Editors love nothing more than getting a reaction--any reaction--to the articles they run, but I have to say I'm a little perplexed by many of the letters that continue to flow in about our September cover story, " Basic Instincts," about the entrepreneurial knack of Eyal Balle, the founder of Rebels. It's not the criticism that bothers me; criticism is healthy. It's not even the level of controversy; the article raised issues about business ethics that deserve to be discussed. It's the tone of absolute moral certitude in so many of the letters.

I'm reminded of something that happened one Sunday morning several years ago as I was sitting in church with my three daughters. The priest was giving a sermon on abortion. Suddenly, my oldest daughter, Lexy, got up and walked out. While she didn't say a word, it was clear that she had left in response to the sermon.

After mass, I told her I didn't know she disagreed so strongly with the church's position on abortion. That wasn't it, she said. What she objected to was the priest's repeated assertion that "abortion is really a very simple moral matter"--a sentiment that she felt could be uttered with conviction only by a white male Catholic priest in his sixties. "For any thoughtful adult living in the 1990s," she said, "abortion may be a lot of things, but the one thing it isn't is simple."

To this day, I'm still embarrassed--not that my daughter walked out of church but that I didn't walk out with her.

Leadership and Change. Many people will read this month's feature by Jay Finegan as an article about leadership. I myself think of it as an article about helping people cope with change. So much of the advice we get about managing change reads like bad advertising copy: "Eat change for breakfast." "Work smarter, not harder." "Get fast, or get dead." None of it is very useful when you feel as if you're in a "meat grinder," to quote one of the people in Finegan's story. Here, at last, is a company that has figured out how to help people in an organization adapt individually and collectively to an environment in which there's too much coming at you all the time. Maybe that's what leadership is all about.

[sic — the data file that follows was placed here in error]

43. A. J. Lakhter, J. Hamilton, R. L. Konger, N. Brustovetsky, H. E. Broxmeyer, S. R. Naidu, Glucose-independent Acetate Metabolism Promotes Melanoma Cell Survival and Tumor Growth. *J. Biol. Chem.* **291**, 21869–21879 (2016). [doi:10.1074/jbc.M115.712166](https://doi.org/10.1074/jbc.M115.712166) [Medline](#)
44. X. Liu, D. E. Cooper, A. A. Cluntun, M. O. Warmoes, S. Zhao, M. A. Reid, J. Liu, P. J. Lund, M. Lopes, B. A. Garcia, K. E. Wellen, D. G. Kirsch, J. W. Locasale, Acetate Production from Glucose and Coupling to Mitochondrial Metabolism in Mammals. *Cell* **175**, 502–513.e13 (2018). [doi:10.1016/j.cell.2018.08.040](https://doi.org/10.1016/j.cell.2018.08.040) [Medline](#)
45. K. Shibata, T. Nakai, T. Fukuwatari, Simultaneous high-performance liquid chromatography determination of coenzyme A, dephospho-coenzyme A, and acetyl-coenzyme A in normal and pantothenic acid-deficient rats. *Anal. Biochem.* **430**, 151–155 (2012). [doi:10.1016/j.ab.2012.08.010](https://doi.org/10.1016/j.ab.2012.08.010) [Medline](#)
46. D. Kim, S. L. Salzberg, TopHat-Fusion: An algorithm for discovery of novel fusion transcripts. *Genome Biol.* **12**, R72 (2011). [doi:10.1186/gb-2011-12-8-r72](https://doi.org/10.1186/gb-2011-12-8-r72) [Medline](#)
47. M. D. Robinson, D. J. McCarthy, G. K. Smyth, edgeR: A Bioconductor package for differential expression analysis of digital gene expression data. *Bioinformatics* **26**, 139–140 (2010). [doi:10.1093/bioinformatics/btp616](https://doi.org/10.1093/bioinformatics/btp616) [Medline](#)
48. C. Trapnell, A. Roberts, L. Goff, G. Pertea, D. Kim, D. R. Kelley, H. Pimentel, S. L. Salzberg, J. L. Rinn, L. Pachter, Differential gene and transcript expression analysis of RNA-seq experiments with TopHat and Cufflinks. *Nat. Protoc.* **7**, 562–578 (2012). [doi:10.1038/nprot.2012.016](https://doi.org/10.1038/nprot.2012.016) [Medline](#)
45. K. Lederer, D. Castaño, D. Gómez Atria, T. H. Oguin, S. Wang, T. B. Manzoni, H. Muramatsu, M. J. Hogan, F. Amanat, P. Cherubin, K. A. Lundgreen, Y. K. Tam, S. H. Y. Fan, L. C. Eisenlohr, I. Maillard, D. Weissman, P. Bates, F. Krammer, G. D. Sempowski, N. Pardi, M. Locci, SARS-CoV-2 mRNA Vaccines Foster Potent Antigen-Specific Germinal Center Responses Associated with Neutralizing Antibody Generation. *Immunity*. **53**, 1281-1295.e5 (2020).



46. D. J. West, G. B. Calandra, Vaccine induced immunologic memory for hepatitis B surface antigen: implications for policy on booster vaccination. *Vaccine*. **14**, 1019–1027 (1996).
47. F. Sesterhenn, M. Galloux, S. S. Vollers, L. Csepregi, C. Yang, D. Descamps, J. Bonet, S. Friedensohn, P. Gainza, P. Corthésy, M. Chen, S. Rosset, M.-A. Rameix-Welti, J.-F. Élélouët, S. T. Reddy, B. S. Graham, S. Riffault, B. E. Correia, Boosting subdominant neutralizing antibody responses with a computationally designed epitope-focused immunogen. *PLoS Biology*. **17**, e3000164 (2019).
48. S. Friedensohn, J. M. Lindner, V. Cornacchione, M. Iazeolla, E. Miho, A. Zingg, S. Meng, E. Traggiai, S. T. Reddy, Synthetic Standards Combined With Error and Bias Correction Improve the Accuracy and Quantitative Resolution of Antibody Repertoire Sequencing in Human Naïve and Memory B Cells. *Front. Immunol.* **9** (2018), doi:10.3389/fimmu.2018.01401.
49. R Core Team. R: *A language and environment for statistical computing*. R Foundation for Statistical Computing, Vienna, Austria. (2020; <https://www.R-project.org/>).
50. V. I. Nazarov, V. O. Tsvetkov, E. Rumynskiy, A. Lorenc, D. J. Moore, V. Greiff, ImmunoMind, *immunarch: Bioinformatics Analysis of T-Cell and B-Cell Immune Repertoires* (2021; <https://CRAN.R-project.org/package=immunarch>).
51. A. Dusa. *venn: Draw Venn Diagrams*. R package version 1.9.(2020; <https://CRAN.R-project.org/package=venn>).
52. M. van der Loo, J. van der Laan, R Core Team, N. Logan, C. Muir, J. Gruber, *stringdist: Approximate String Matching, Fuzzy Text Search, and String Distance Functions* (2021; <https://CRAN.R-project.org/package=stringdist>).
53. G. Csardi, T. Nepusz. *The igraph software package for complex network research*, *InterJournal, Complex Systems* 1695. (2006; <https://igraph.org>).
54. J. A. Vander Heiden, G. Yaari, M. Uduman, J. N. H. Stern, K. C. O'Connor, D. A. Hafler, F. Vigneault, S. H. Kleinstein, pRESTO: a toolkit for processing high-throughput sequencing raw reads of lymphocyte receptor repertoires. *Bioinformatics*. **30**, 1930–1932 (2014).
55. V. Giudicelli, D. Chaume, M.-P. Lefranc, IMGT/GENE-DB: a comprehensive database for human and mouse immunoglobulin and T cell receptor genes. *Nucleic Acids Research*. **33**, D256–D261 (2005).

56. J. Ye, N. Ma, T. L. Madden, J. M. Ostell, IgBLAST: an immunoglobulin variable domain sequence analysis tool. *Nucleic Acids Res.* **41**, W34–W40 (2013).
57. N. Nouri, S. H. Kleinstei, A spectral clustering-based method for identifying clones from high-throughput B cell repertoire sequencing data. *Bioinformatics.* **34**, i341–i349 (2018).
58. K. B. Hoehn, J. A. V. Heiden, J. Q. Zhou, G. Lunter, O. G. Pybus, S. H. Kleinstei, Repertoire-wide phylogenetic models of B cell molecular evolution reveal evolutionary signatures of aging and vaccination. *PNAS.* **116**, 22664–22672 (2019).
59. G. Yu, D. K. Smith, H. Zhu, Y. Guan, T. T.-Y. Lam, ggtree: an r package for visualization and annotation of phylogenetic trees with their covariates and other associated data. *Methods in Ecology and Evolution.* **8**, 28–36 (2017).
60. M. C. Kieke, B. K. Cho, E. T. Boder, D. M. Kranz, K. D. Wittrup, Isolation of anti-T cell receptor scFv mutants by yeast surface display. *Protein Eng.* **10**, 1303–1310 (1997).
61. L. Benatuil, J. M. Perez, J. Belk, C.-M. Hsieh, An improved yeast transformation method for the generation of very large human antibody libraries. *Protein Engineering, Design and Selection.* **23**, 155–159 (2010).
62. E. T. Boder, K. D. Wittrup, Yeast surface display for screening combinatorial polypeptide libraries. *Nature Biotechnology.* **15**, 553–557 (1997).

Prima Donna? What Prima Donna?

I hope no one thinks this month's feature on managing prima donnas, by Peter Carbonara, was inspired by the challenges of running a magazine. Believe me, editors and writers are real team players--assuming, of course, you're playing solitaire. (Just kidding.) As for the founders of businesses, I have to admit we've run into a few who might qualify as prima donnas, which raises an interesting question: How do you manage a prima donna when the prima donna is the boss? But that's a story for another issue.

Never, Never, Never Give Up

Norm Brodsky, our intrepid Street Smarts columnist, informs us that he is shocked to learn we ran an article in our January 1996 issue by some other guy using his name. In the article, the bogus Brodsky challenged Jack Stack's rosy forecast for 1996 and said we were actually heading "for a period of sluggishness and deflation." The turn, he predicted, would come no later than the end of 1996 and would start with a big drop in the stock market.

Although he admits to staying in cash for the entire year, the real Brodsky asks, "Do you really think I would have made such a prediction? Come on, guys, you know me." But just to make sure there are no hard feelings, he says he's sending Stack some flowers...cactus flowers.